Community assembly and stability in the root microbiota during early plant developmentAleklett Kadish, Kristin; Rosa, Daniel; Pickles, Brian John; Hart, Miranda M.
Little is known about how community composition in the plant microbiome is affected by events in the life of a plant. For example, when the plant is exposed to soil, microbial communities may be an important factor in root community assembly. We conducted two experiments asking whether the composition of the root microbiota in mature plants could be determined by either the timing of root exposure to microbial communities or priority effects by early colonizing microbes. Timing of microbial exposure was manipulated through an inoculation experiment, where plants of different ages were exposed to a common soil inoculum. Priority effects were manipulated by challenging roots with established microbiota with an exogenous microbial community. Results show that even plants with existing microbial root communities were able to acquire new microbial associates, but that timing of soil exposure affected root microbiota composition for both bacterial and fungal communities in mature plants. Plants already colonized were only receptive to colonizers at 1 week post-germination. Our study shows that the timing of soil exposure in the early life stages of a plant is important for the development of the root microbiota in mature plants.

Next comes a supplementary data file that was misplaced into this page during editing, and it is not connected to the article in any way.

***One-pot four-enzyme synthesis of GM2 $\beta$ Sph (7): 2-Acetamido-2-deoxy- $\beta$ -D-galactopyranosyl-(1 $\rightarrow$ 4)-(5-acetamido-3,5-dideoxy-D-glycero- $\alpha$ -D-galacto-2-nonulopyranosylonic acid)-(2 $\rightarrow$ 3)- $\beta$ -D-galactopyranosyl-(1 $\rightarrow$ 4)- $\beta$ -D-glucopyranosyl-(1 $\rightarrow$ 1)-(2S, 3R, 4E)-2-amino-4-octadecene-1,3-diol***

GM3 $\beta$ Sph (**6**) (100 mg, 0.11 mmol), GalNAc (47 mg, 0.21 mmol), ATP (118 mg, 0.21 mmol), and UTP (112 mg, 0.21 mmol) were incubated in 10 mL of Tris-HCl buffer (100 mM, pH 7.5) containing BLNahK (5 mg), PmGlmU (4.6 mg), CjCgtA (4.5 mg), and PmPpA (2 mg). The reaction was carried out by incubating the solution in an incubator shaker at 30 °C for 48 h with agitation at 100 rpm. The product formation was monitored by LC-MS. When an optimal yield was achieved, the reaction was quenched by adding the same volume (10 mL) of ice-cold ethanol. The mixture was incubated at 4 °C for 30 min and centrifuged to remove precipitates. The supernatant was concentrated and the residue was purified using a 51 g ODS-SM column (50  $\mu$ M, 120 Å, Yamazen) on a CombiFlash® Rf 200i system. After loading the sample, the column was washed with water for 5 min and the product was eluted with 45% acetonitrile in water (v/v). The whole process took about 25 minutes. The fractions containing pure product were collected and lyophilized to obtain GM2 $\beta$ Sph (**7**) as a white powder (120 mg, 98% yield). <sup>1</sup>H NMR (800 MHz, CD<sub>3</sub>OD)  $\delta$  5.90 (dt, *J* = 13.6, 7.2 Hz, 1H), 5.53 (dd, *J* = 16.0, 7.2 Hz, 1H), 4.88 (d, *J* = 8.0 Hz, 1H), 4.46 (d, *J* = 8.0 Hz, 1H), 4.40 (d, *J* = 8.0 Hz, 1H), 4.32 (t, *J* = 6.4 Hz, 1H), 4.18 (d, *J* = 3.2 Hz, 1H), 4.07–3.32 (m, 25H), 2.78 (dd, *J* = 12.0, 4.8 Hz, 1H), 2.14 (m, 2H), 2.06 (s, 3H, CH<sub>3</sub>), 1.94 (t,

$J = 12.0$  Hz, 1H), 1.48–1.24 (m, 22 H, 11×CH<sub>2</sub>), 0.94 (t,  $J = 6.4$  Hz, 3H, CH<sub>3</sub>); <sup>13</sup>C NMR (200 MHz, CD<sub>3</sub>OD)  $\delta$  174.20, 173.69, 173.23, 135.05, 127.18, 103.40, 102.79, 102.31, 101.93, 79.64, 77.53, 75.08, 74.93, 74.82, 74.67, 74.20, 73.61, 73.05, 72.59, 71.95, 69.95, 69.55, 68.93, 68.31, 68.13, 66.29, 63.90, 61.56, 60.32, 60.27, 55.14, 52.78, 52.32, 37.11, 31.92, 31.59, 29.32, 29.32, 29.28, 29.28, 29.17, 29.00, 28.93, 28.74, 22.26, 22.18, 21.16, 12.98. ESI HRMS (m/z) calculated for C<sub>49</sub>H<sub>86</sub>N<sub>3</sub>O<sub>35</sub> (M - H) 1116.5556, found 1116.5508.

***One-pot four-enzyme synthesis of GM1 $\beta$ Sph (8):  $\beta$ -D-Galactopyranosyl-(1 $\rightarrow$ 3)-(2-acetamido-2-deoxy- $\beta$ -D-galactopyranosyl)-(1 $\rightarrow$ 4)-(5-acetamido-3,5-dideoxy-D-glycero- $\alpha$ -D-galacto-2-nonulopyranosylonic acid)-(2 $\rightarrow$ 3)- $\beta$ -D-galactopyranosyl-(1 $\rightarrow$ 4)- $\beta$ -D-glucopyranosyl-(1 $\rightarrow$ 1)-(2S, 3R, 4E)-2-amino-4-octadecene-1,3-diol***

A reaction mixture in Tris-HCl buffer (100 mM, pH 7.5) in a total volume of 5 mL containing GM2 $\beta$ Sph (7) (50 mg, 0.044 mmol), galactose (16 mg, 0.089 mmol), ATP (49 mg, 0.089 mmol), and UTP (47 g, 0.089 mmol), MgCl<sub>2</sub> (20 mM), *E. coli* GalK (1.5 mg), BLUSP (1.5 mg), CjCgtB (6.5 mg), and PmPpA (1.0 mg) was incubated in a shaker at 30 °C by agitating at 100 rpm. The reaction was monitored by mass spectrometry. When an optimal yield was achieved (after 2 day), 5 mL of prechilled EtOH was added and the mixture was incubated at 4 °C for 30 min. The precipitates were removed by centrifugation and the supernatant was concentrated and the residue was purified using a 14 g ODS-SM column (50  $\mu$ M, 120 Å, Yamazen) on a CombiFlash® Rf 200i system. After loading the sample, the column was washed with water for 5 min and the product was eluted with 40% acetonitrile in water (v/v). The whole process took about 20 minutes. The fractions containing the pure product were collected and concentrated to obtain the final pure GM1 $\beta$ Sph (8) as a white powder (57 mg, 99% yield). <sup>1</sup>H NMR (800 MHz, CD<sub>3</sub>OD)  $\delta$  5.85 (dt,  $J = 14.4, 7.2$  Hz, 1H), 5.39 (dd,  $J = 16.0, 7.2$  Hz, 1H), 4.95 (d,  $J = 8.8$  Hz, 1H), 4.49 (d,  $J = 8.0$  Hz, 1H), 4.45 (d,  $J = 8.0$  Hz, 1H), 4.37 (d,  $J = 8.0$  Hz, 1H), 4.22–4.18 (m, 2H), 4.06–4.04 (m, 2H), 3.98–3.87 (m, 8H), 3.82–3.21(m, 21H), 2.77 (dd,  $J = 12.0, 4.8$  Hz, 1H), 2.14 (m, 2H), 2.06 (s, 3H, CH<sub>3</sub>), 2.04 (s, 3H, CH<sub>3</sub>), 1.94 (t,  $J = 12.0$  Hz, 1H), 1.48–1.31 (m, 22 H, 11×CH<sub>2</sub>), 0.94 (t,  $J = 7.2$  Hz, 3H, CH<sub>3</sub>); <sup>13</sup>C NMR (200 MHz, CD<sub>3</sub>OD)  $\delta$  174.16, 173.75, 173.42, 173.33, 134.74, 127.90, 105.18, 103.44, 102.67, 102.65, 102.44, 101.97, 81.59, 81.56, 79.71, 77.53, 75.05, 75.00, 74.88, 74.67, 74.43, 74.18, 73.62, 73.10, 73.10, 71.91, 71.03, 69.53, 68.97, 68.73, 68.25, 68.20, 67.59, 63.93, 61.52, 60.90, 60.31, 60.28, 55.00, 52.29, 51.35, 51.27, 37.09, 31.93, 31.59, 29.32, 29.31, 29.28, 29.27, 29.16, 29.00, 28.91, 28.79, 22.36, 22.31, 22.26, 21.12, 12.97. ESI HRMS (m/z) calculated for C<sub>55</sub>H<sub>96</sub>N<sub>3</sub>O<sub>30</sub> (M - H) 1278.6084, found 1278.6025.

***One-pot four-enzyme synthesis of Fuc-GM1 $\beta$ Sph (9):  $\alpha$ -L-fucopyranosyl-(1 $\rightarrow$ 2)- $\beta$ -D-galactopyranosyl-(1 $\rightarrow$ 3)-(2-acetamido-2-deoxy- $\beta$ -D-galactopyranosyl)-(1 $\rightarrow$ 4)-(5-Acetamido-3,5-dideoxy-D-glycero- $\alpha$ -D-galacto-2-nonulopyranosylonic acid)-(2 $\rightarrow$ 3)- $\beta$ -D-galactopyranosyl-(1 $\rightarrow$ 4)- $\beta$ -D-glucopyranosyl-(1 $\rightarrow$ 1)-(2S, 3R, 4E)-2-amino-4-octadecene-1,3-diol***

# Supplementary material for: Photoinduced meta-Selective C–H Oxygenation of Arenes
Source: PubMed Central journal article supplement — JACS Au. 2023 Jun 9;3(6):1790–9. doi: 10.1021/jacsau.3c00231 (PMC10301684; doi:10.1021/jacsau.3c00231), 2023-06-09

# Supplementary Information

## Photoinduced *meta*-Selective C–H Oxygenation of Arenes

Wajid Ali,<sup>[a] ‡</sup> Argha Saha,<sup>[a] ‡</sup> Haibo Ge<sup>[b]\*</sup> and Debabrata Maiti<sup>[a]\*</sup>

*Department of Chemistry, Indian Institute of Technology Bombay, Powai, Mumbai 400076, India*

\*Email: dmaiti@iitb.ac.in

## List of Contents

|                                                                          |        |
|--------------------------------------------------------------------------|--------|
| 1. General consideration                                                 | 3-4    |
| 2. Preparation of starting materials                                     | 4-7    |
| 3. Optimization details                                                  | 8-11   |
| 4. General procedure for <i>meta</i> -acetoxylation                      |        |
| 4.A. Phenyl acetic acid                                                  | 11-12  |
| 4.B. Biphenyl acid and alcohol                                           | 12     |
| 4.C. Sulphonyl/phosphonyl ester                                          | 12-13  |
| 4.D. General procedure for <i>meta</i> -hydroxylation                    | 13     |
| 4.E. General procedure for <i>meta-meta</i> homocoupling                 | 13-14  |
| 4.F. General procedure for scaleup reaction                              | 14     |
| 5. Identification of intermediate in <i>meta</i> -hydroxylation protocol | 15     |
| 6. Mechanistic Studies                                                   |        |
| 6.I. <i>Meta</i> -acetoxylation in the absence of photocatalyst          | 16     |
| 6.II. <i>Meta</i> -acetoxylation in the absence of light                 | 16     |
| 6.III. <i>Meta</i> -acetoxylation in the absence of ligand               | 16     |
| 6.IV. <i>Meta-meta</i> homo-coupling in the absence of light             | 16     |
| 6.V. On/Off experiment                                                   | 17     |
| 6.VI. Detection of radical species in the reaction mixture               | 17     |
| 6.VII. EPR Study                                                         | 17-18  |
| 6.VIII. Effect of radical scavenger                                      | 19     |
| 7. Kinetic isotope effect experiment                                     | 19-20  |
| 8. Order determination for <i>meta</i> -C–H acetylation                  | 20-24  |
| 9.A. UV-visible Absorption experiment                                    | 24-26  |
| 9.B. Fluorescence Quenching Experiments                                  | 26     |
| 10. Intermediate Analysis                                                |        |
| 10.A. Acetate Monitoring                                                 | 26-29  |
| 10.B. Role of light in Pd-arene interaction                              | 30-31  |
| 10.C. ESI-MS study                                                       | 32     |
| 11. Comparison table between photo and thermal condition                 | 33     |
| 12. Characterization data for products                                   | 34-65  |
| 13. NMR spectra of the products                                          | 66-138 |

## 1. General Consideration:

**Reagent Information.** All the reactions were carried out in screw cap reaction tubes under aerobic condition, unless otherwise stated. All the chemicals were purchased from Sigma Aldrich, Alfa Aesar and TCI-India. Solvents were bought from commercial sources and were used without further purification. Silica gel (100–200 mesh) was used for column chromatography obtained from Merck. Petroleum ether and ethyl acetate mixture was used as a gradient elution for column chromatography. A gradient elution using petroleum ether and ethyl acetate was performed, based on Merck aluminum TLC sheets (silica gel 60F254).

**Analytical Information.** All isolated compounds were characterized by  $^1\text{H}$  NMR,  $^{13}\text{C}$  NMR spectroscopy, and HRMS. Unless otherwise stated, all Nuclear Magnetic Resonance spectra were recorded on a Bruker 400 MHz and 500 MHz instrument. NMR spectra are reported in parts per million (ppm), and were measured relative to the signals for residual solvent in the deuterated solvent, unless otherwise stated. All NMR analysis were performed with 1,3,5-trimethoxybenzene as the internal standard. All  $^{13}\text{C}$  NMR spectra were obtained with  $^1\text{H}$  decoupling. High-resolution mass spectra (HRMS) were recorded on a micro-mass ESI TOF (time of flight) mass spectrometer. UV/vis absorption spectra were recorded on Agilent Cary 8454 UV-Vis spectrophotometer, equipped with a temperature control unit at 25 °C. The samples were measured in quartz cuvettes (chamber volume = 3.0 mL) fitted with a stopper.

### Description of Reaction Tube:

Keywordsbacteria; fungi; plant microbiome; priority effects; root microbiota; Setaria viridis; soil exposure
Published inFrontiers in Microbiology
2022, volume: 13, article number: 826521
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